China’s economy rebounds from COVID-19, growing 3.2% in the second quarter
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China reports that its economy grew 3.2% in the second quarter from the same time last year. That makes it the first major economy to rebound since COVID-19 hit.
For comparison, China’s economy shrank 6.8% in the first quarter. Marketplace China correspondent Jennifer Pak has more on this from Shanghai. The follow is an edited transcript of her conversation with Marketplace’s Sabri Ben-Achour.
Sabri Ben-Achour: So what does an economic rebound look like on the streets of Shanghai?
Jennifer Pak: On the surface, it looks like everything is back to normal, except most people are still wearing face masks. Popular shops and restaurants — those that are still open that is — are full on weekends, but I’m starting to see a number of small shops posting signs, looking for someone to take over their lease. So times are a bit tough.
Ben-Achour: And 3.2% year over year, that’s a big turnaround from the almost 7% contraction in the first quarter alone. How did China manage that?
Pak: Well, it’s partly due to the authorities being quite aggressive about containing the coronavirus — of course, after initially dragging their feet. They went from sealing off whole cities and provinces with high infection rates to now doing widespread testing and tracing. For example, there was an outbreak recently in Beijing, and that’s what they did. So now what we’re seeing are road construction projects, factories churning out more products. But there isn’t that much demand for that stuff, especially in the U.S. or Europe. So millions of people are out of work. Officials say unemployment for June still hovers close to 6%.
Ben-Achour: Well, 6% is far better than double-digit unemployment rates in the U.S. Does this mean that the U.S. and the rest of the world could rely on Chinese consumers?
Pak: Maybe not. That unemployment figure it doesn’t really account for millions of workers from the countryside who are in the cities and jobless. And, unlike the U.S., China’s government has not been giving cash handouts to its citizens. People are watching what they spend, so retail sales remain fairly weak, falling 1.8% last month compared to a year earlier.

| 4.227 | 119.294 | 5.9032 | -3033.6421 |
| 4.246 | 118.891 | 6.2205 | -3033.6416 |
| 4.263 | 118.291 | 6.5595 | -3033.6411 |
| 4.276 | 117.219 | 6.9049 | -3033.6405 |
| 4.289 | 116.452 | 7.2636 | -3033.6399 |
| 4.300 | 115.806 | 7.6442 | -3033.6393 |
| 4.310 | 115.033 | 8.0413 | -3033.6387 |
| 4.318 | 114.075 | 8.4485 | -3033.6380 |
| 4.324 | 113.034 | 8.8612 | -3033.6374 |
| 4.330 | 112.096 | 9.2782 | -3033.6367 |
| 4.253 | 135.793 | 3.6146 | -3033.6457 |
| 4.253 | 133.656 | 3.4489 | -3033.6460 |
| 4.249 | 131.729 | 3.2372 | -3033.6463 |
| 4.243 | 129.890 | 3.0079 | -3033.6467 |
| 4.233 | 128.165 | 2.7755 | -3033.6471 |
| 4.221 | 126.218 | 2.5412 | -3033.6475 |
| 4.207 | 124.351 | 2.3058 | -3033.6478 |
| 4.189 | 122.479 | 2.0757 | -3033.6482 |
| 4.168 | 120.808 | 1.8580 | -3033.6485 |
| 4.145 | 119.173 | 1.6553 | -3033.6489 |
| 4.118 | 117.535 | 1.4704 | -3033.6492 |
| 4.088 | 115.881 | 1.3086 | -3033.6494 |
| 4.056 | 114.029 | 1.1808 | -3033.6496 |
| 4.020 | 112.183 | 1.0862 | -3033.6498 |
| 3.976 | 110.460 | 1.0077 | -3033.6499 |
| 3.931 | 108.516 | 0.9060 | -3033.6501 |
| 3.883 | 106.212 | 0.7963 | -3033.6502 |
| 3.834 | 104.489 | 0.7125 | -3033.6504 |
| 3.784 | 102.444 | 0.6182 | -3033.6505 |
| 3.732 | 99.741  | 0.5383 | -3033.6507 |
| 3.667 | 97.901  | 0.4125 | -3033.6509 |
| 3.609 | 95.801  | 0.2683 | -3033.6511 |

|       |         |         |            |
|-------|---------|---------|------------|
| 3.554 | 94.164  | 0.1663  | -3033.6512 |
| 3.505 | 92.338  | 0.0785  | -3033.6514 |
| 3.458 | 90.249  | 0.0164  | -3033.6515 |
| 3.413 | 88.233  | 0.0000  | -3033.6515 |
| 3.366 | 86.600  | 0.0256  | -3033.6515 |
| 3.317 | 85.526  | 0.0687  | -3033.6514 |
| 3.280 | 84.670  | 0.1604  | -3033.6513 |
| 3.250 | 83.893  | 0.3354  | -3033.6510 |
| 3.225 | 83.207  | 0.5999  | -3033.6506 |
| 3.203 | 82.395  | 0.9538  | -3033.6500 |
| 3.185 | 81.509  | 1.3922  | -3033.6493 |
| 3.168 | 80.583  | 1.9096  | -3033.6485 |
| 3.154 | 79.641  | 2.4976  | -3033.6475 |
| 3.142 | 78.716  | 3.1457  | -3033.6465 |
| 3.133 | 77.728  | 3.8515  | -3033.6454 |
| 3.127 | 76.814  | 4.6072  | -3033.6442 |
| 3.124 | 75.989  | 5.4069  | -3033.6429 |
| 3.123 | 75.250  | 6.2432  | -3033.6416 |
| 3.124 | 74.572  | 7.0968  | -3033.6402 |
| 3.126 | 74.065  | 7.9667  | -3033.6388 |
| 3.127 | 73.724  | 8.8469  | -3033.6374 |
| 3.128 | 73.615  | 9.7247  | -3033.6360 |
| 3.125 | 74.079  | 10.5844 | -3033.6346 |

COVID-19 Economy FAQs
Millions of Americans are unemployed, but businesses say they are having trouble hiring. Why?
This economic crisis is unusual compared to traditional recessions, according to Daniel Zhao, senior economist with Glassdoor. “Many workers are still sitting out of the labor force because of health concerns or child care needs, and that makes it tough to find workers regardless of what you’re doing with wages or benefits,” Zhao said. “An extra dollar an hour isn’t going to make a cashier with preexisting conditions feel that it’s safe to return to work.” This can be seen in the restaurant industry: Some workers have quit or are reluctant to apply because of COVID-19 concerns, low pay, meager benefits and the stress that comes with a fast-paced, demanding job. Restaurants have been willing to offer signing bonuses and temporary wage increases. One McDonald’s is even paying people $50 just to interview.
Could waiving patents increase the global supply of COVID-19 vaccines?
India and South Africa have introduced a proposal to temporarily suspend patents on COVID-19 vaccines. Backers of the plan say it would increase the supply of vaccines around the world by allowing more countries to produce them. Skeptics say it’s not that simple. There’s now enough supply in the U.S that any adult who wants a shot should be able to get one soon. That reality is years away for most other countries. More than 100 countries have backed the proposal to temporarily waive COVID-19 vaccine patents. The U.S isn’t one of them, but the White House has said it’s considering the idea.
Can businesses deny you entry if you don’t have a vaccine passport?
As more Americans get vaccinated against COVID-19 and the economy continues reopening, some businesses are requiring proof of vaccination to enter their premises. The concept of a vaccine passport has raised ethical questions about data privacy and potential discrimination against the unvaccinated. However, legal experts say businesses have the right to deny entrance to those who can’t show proof.
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